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White House rep says adaptation is necessary but makes no new commitments

Julia Pyper, E&E reporter
Published: Friday, June 22, 2012

U.S. industry, nonprofit and local and federal government representatives all underscored the critical need for climate adaptation in a panel yesterday at the U.N. Conference on Sustainable Development in Rio de Janeiro.

"Climate change is already affecting the lives and livelihoods of people around the United States and around the world through things like rising sea levels, changing agricultural conditions or more frequent and severe weather events," said Nancy Sutley, chairwoman of the White House Council on Environmental Quality (CEQ), speaking from Rio de Janeiro via webcast.

"I think one of the challenges that we face is how to have healthy and resilient communities in the face of these conditions," she said.

President Obama highlighted climate adaptation as a priority of his administration in 2009 with the launch of the Interagency Climate Adaptation Task Force and continues to focus on reducing the long-term costs of responding to climate change, said Sutley. According to the Federal Emergency Management Agency,
$1 spent on disaster preparedness saves $4 in disaster response.

"We think adapting to climate change is responsible risk management so we can minimize the impact on communities particularly for the most vulnerable communities," she said.

Roger Platt, senior vice president of global policy and law at the U.S. Green Building Council, a nonprofit organization committed to building efficiency, said building resilient communities is one way the United States is both mitigating and adapting to the effects of climate change.

Buildings produce 37 percent of U.S. greenhouse gas emissions, so by improving indoor air quality, water use and energy consumption that amount can be significantly reduced, he said.

Also, by basing planning decisions on projected climate scenarios, instead of just historical trends, buildings will be able to better withstand future climatic conditions, he said. "Past performance may not be an indicator of future success," Platt said.

In this vein, Clay Nesler, vice president for Global Energy and Sustainability for Johnson Controls Inc., highlighted the technology company's new  report aimed at boosting building efficiency to achieve global economic, social and environmental development goals.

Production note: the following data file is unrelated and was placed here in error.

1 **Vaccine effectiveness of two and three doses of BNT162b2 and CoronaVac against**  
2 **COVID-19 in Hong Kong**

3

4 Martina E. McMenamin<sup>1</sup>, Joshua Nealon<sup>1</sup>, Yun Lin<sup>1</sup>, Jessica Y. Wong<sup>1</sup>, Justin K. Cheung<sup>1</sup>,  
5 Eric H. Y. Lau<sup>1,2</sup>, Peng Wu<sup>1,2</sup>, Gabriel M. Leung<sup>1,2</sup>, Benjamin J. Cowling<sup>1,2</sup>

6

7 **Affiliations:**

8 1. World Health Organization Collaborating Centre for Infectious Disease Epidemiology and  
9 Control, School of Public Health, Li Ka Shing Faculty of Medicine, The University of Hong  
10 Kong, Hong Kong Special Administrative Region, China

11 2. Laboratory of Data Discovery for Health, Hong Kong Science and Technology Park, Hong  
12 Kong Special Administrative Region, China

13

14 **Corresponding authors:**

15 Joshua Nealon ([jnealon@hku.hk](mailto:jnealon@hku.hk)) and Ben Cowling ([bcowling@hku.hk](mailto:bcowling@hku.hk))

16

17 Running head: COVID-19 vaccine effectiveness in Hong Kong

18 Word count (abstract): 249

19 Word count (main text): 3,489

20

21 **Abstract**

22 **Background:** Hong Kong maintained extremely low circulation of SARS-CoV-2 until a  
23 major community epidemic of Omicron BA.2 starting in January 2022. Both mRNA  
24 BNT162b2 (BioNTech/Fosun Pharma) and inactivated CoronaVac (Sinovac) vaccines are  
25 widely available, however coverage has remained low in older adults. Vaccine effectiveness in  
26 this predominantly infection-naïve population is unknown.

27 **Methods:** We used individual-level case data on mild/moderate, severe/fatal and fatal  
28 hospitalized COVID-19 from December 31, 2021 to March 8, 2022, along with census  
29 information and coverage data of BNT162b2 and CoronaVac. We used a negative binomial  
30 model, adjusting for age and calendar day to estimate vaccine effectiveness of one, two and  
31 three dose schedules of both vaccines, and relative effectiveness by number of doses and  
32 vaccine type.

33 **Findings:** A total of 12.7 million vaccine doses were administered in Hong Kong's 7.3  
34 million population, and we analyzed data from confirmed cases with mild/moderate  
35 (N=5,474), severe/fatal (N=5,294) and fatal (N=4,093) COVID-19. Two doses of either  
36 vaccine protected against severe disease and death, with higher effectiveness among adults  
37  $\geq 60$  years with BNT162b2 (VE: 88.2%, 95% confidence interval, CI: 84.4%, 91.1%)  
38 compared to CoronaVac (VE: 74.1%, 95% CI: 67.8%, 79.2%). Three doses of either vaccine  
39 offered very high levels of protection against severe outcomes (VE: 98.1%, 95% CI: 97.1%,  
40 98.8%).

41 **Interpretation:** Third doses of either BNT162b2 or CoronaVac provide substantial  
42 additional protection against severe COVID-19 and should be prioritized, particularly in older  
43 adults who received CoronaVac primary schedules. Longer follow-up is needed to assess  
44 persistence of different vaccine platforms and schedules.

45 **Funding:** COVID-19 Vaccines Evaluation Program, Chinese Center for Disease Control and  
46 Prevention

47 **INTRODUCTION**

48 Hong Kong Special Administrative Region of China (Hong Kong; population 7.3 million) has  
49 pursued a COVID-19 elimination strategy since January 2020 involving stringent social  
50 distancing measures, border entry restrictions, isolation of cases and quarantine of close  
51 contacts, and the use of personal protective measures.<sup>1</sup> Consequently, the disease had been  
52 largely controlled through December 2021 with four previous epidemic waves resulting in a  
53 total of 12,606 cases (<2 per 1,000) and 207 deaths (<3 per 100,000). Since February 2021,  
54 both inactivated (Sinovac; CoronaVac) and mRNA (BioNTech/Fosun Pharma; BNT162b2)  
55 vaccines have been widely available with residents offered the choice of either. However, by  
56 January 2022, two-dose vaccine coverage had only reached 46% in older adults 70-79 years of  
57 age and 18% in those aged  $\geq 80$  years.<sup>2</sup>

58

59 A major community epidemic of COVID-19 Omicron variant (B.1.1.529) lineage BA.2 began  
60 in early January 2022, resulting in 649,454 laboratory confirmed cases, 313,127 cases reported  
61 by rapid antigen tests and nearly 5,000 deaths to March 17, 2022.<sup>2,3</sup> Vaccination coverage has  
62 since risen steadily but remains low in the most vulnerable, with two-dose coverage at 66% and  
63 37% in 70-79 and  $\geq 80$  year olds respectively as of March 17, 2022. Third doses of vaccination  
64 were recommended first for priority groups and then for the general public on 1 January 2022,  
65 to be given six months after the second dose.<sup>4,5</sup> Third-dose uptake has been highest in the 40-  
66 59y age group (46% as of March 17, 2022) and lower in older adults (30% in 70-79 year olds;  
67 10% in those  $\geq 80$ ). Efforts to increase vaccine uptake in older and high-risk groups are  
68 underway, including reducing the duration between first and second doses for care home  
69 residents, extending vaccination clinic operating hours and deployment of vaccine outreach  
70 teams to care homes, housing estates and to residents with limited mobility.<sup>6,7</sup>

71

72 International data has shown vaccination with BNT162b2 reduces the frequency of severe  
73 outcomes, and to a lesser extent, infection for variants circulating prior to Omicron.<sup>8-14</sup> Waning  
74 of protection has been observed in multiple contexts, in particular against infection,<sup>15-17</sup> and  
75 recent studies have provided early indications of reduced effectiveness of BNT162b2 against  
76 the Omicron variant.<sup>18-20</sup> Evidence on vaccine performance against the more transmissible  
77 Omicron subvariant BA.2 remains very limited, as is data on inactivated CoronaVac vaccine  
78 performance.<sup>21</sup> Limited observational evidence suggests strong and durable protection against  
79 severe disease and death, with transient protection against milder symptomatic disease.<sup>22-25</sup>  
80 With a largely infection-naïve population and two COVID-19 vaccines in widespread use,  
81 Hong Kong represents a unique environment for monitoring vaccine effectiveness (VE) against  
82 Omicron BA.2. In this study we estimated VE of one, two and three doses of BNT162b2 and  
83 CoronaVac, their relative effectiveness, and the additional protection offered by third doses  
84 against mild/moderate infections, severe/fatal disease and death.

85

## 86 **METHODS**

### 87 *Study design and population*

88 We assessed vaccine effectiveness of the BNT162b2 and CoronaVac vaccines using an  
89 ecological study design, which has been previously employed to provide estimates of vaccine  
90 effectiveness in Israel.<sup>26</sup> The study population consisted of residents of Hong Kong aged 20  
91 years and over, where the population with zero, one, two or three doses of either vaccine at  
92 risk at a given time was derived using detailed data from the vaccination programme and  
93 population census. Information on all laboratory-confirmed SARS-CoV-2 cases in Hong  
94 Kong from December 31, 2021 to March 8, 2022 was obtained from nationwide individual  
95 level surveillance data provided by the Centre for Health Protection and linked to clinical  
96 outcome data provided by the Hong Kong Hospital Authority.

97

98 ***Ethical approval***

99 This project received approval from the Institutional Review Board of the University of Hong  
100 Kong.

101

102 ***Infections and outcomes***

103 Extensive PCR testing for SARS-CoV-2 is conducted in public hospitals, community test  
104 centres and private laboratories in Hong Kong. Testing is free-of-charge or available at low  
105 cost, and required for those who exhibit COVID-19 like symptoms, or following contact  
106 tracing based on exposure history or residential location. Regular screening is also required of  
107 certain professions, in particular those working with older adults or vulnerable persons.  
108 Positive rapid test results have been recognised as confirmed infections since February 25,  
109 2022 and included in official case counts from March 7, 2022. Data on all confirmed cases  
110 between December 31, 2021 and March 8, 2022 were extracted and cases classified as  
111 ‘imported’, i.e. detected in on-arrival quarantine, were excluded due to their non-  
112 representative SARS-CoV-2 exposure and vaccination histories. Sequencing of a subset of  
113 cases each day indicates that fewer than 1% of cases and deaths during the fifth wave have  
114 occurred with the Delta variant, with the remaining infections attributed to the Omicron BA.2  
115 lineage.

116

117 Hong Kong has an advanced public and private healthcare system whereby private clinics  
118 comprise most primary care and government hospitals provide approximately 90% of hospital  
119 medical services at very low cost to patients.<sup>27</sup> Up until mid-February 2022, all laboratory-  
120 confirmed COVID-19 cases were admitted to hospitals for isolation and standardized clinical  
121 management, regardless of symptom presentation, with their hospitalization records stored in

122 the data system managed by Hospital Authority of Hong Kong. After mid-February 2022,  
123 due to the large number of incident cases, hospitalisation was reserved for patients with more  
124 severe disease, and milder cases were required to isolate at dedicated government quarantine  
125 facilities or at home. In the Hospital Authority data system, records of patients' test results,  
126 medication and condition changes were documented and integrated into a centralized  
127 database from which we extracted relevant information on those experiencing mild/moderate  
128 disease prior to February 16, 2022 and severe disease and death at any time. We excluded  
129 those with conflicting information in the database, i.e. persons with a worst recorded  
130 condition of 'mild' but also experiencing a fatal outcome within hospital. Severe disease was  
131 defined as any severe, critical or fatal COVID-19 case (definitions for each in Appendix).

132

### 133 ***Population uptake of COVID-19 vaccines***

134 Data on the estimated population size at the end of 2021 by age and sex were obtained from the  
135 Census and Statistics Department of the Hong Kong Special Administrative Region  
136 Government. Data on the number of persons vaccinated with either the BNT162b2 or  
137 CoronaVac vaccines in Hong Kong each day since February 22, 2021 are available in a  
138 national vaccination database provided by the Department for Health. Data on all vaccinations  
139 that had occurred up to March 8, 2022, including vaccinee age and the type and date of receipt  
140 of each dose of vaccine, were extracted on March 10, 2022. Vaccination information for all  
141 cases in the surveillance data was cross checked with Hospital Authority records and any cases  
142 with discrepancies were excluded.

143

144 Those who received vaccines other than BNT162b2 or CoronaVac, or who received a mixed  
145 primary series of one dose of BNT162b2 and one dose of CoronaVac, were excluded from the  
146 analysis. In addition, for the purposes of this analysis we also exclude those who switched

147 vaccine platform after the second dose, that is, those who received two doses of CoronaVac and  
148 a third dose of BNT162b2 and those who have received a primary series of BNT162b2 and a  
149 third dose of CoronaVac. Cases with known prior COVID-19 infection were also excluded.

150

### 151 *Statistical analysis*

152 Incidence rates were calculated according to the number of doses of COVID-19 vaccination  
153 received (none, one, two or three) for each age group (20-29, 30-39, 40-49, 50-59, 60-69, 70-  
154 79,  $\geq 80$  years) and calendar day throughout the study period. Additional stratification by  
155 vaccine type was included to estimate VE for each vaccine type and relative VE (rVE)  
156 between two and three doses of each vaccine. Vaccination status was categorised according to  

According to Andrew Stober, chief of staff at the Mayor's Office of Transportation and Utilities in Philadelphia, which boasts an aggressive urban sustainability initiative, the public plays a key role in achieving adaptation targets.

"It's about citizens holding their government and corporations accountable for sustainable planning, for climate change adaptation planning, because these are your tax dollars and your consumer dollars, and if they're not spend wisely today, it's only going to cost you and your children and your grandchildren more in the future," he said.

The panel's direct engagement with climate issues came as somewhat of a surprise to members of the audience in Rio, who asked whether these statements represented a shift in U.S. policy toward new commitments on climate change adaptation and disaster management.

In response, Sutley said the U.S. government is taking a broad approach to sustainable planning beyond disaster management but that its adaptation efforts won't necessarily differ from the actions already under way.

"Part of this is just understanding that we have to prepare for these magnified risks, many of which we're dealing with today," she said.

Reprinted from ClimateWire with permission from Environment & Energy Publishing, LLC. 202-628-6500


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Reprinted from ClimateWire with permission from Environment & Energy Publishing, LLC. 202-628-6500.

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White House rep says adaptation is necessary but makes no new commitments